Venezuelan Calls on Inter-American Court to Stand against Corruption in Case of Leopoldo López

Yesterday, Venezuela’s Public Defender Gabriela Ramírez affirmed that the Inter-American Court of Human Rights (IACHR) has an “extraordinary opportunity” to set legal precedence in cases of corruption as it relates to Leopoldo López, the Venezuelan opposition figure banned from holding public office back in 2008. 


Merida, March 4th 2011 ( – Yesterday, Venezuela’s Public Defender Gabriela Ramírez affirmed that the Inter-American Court of Human Rights (IACHR) has an “extraordinary opportunity” to set legal precedence in cases of corruption as it relates to Leopoldo López, the Venezuelan opposition figure banned from holding public office back in 2008.

On Wednesday, after two days of legal proceedings that addressed López’s claims his “rights had been violated”, the Costa Rica-based IACHR asked both López’s defense team and the Venezuelan government to submit their written allegations by 2 April 2011.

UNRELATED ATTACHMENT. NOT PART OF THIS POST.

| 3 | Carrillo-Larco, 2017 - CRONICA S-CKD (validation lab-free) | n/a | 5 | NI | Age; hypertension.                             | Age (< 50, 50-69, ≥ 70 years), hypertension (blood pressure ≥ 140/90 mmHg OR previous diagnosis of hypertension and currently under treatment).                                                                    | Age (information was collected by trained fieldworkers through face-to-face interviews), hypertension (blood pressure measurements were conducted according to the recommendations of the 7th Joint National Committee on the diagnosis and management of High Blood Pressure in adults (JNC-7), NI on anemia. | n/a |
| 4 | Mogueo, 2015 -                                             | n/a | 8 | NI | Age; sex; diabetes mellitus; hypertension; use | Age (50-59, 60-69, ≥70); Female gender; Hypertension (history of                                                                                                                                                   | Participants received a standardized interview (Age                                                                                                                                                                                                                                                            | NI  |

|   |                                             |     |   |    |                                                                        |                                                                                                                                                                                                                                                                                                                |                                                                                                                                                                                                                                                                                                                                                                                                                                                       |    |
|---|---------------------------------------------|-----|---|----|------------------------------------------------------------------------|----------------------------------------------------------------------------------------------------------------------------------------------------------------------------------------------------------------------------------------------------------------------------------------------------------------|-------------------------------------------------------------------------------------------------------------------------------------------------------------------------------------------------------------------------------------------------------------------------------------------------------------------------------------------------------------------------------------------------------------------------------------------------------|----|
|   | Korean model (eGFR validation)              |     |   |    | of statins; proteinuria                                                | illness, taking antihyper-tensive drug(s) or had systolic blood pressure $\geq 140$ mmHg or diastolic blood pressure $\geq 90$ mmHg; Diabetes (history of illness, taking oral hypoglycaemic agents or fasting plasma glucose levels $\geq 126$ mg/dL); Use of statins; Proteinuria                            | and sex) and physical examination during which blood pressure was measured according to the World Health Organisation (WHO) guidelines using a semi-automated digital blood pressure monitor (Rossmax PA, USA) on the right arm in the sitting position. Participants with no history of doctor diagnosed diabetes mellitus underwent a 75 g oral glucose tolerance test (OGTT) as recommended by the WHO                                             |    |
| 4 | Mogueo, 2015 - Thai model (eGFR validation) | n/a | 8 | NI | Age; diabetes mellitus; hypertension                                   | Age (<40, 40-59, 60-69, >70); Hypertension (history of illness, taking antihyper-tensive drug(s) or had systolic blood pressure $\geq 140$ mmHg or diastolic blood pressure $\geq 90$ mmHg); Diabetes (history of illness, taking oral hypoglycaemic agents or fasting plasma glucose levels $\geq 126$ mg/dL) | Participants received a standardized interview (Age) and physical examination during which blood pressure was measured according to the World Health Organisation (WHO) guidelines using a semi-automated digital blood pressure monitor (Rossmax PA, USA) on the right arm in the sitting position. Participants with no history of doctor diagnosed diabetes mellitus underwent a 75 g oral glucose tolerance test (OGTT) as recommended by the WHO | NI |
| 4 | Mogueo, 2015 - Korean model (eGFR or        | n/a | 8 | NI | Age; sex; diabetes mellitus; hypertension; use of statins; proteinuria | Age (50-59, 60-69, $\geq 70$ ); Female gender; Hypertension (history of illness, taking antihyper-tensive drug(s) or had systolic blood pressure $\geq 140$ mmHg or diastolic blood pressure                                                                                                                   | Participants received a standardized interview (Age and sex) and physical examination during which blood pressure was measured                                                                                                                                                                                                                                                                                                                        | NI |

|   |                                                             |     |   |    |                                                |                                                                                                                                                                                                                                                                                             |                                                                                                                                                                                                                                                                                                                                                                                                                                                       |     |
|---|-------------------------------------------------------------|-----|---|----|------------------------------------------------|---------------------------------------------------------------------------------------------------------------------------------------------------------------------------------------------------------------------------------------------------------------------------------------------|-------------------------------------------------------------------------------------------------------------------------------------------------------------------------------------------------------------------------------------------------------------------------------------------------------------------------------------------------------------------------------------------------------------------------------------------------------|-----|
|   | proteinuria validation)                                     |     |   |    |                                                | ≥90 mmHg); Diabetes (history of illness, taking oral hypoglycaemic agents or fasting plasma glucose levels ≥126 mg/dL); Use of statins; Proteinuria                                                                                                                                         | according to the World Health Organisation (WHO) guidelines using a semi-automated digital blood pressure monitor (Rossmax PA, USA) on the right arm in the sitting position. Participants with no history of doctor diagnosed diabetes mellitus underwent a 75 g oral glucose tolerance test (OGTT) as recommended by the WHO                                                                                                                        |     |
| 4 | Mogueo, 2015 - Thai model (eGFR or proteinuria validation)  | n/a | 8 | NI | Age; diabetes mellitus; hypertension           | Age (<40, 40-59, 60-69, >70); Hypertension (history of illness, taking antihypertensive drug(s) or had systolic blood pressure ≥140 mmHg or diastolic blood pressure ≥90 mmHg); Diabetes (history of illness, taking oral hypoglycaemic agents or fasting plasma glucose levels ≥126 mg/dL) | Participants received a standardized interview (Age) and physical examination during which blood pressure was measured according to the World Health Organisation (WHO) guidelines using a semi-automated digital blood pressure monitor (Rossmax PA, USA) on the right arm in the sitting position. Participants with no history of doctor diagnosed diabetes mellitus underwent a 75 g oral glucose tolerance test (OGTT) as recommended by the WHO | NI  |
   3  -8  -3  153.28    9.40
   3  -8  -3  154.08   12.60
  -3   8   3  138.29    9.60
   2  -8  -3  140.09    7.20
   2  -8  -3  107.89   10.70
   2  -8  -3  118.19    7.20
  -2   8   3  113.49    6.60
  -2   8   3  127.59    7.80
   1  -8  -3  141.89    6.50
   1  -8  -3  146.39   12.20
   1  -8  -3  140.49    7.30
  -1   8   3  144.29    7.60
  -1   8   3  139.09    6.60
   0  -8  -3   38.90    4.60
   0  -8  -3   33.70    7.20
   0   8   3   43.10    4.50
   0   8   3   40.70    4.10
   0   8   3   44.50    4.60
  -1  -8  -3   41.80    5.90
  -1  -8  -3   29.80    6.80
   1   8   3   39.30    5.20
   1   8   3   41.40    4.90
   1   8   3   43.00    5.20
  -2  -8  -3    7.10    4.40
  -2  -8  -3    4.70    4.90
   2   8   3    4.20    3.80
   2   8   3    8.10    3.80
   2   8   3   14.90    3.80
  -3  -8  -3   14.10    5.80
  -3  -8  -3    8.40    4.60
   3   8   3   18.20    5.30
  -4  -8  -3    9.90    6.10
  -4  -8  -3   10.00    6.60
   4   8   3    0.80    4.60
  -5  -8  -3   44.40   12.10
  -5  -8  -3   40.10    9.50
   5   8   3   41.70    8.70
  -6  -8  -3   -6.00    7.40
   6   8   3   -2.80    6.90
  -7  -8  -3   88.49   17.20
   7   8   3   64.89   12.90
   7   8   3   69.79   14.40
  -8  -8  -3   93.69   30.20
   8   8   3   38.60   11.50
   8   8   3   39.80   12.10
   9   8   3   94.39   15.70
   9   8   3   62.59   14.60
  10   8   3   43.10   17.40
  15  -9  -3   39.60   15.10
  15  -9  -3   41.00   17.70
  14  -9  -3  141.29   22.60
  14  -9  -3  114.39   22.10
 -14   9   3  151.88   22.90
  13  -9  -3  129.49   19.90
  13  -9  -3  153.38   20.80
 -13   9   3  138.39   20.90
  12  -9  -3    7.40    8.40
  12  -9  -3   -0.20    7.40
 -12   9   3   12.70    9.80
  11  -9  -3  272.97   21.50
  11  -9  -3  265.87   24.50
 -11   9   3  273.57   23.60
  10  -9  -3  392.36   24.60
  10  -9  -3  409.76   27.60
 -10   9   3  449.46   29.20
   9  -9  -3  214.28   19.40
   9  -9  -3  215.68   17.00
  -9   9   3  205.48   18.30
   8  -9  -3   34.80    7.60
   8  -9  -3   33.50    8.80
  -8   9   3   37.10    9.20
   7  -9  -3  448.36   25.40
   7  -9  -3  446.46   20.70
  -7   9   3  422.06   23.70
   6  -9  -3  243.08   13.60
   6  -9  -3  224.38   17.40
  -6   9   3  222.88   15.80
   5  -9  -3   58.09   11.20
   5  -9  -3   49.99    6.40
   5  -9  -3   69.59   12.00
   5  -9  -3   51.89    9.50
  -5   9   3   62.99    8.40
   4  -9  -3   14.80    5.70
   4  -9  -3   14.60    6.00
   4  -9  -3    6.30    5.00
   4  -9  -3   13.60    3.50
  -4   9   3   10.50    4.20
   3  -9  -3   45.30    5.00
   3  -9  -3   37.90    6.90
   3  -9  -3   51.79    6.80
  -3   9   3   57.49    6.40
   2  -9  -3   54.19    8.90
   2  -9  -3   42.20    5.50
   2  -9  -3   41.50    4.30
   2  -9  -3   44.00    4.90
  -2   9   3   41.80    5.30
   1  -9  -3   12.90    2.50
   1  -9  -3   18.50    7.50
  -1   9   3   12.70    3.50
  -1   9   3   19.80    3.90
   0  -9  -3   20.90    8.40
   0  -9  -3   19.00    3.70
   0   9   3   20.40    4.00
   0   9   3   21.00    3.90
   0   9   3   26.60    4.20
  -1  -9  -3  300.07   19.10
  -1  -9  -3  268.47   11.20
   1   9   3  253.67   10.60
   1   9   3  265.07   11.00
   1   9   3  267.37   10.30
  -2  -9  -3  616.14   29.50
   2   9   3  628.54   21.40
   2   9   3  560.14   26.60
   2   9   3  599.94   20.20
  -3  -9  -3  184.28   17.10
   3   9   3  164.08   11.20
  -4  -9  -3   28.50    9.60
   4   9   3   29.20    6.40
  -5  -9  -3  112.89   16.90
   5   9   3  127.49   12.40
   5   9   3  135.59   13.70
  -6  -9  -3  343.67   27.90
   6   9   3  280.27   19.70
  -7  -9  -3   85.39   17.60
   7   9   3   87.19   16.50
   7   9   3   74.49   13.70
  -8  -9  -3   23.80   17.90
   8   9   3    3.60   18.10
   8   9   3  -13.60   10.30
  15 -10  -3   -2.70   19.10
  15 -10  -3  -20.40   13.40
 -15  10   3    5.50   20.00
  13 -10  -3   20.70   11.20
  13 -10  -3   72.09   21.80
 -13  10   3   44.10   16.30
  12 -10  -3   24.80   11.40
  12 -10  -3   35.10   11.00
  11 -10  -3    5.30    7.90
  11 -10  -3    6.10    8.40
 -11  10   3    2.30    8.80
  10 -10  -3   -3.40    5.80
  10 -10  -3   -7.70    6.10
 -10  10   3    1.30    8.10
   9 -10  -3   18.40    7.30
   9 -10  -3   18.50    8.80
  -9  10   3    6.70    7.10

In 2008, López and 271 other Venezuelans were banned from running for public office as a result of having been charged with committing acts of corruption or administrative irregularities. López has accused the Venezuelan government of violating his rights, “under the Inter-American Charter,” asked the IACHR to intervene on his behalf, and has said publicly that getting the ban lifted will allow him to run as the opposition’s candidate in presidential elections scheduled for December, 2012.

On Thursday, Public Defender Ramírez reminded the press that López’s case is “not a penal case” and that while he is legally prohibited from holding public office until 2014, he and the others maintain their right to vote, participate politically, and organize themselves in political parties and movements.

“His conduct in public office detracted from democracy and for this reason his disqualification is in accordance with [the law],” she said.  

Ramírez said that she hoped the IACHR would appreciate the importance of Venezuela’s “efforts to eradicate administrative corruption” and use strictly legal judicial criteria to “set legal precedence in Latin America” against corrupt politicians.